Coagulation Self-Testing - FAQ
- 1. What are the advantages of INR self-monitoring?
- Allows you to be more involved in your treatment, giving you the confidence and the reassurance to maintain control of your anti-coagulation therapy
- Allows you to test more frequently, which can enable you to spend longer in your therapeutic range, and potentially reduce the risk of complications such as clots or bleedings.
- Makes it much easier to adapt your therapy more closely to make it just right for YOU
- Involves no invasive blood sampling: only a drop of blood from the fingertip is required
- Gives you freedom to enjoy a more independent life – at home, at work – anywhere!
- Reduces trips to the lab or clinic for testing
- 2. How often should I test?
The interval between tests will be recommended to you by your doctor or nurse.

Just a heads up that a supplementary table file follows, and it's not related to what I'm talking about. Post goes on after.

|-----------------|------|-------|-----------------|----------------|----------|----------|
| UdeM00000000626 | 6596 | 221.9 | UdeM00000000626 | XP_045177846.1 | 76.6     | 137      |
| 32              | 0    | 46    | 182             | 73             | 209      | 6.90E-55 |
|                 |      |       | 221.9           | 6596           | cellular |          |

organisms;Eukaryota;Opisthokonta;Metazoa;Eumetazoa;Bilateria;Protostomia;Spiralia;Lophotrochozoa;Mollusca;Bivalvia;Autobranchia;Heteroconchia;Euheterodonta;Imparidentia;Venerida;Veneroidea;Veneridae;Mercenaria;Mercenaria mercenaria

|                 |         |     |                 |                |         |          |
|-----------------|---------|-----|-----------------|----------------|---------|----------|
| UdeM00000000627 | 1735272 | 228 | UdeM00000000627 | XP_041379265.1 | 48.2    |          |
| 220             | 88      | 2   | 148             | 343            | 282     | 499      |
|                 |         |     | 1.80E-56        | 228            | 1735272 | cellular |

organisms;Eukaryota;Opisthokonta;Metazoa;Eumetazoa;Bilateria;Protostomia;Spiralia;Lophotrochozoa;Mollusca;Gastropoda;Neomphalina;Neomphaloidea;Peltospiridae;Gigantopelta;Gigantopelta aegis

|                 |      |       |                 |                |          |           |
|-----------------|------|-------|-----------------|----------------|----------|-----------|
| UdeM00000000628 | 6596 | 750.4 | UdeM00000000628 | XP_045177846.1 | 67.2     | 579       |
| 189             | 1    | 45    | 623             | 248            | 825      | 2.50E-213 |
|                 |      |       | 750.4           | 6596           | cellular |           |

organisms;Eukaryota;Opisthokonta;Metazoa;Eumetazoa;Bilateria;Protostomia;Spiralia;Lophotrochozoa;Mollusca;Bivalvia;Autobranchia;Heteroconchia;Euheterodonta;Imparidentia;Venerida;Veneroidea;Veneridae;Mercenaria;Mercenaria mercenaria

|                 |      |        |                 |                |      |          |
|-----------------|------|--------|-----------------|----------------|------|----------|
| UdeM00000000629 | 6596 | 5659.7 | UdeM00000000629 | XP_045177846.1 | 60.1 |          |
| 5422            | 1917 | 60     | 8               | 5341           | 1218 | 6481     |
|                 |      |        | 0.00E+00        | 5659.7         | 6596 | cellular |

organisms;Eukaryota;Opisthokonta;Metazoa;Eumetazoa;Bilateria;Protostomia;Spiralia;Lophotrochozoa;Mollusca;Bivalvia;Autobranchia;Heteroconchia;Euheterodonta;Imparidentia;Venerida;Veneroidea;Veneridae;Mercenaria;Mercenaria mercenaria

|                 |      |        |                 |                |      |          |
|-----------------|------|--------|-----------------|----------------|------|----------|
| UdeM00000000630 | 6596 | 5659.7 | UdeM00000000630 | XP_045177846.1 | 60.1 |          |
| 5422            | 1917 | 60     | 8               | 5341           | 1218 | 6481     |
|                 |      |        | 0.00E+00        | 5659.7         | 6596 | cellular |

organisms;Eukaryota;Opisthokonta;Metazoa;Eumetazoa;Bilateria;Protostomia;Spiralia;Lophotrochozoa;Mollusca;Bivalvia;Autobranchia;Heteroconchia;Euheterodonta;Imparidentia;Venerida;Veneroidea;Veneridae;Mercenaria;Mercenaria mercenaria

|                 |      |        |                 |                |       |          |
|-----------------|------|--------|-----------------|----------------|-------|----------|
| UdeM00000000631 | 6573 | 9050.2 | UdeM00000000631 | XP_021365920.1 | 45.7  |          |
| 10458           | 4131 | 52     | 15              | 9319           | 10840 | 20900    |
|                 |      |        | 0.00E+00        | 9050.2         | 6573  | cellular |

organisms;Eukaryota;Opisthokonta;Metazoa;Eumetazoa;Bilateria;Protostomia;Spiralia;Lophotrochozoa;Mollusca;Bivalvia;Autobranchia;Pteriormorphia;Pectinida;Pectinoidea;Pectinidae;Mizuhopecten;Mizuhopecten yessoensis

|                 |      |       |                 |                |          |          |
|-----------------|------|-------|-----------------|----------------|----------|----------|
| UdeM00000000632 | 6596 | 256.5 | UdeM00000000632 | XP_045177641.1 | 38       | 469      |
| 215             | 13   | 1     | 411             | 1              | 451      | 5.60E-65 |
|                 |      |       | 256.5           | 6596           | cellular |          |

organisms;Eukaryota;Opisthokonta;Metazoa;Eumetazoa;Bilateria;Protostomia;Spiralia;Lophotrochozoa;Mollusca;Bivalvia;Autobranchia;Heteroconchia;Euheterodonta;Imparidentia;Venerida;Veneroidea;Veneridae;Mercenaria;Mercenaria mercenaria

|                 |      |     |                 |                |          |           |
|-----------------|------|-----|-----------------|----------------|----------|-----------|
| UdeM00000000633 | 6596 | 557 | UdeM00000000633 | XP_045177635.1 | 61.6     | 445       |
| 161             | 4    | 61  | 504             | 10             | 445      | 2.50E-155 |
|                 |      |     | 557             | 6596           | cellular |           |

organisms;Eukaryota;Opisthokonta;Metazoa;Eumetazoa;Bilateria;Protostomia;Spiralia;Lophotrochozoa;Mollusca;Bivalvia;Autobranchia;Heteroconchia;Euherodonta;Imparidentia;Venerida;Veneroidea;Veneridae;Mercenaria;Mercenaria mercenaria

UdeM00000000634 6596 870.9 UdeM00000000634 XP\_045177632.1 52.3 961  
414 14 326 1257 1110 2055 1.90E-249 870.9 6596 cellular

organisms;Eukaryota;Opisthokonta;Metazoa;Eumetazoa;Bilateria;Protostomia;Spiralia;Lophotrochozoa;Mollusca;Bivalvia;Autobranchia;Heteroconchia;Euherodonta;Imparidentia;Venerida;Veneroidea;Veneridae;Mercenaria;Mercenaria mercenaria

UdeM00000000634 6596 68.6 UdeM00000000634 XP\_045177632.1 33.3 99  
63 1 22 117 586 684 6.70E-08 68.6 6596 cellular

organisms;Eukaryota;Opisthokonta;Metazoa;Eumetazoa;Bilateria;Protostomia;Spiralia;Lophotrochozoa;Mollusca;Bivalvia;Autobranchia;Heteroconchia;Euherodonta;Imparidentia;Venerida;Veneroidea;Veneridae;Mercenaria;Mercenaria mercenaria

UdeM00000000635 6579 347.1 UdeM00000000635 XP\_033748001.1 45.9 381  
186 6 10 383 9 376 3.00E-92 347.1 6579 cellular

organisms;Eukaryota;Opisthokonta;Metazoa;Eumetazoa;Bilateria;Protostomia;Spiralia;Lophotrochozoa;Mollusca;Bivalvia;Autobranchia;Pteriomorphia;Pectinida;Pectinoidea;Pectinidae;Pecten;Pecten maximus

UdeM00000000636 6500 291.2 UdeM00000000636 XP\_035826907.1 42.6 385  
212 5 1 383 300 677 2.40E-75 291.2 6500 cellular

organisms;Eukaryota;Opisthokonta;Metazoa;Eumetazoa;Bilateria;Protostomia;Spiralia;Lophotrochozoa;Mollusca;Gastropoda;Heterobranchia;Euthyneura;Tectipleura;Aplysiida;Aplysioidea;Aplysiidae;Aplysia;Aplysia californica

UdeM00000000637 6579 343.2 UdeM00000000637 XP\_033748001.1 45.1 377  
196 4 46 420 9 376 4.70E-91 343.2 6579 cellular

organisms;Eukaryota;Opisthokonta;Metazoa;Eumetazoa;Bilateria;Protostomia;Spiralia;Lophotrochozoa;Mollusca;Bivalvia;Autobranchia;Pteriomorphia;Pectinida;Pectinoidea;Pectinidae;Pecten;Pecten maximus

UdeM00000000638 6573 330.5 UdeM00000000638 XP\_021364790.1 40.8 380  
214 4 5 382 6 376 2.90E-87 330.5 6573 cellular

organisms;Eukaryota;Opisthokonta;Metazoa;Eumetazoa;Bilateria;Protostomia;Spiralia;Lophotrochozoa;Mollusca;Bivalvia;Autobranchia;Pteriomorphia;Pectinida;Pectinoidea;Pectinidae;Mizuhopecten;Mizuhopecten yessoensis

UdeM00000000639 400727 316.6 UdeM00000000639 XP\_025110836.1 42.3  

- 3. What is INR (International Normalised Ratio)?
The World Health Organisation recommends using INR as a way to measure and report the results of blood coagulation tests. The International Normalized ratio (INR) was developed by the United Nations and is the globally accepted measurement of the time it takes for your blood to clot.
- 4. What does an INR value of 1 or 2 mean?
A person who does not take any anticoagulants (oral anticoagulants) typically has an INR value of 1. A measured INR value of 2 means that blood coagulation takes twice as long. Consequently, with an INR of 3, coagulation takes three times as long.
This means that the higher the INR value, i.e. prolonged coagulation time, the more coagulation is inhibited.
- 5. What does therapeutic range interval mean?
You will be given a therapeutic range by your doctor according to the condition for which you are taking anticoagulants. Within that range you will have a target INR.
The target INR within the therapeutic range is where you will be at the lowest risk for a complication.
For example if your therapeutic range was 2 to 3 then your target INR would be 2.5. It is important to keep within your therapeutic range.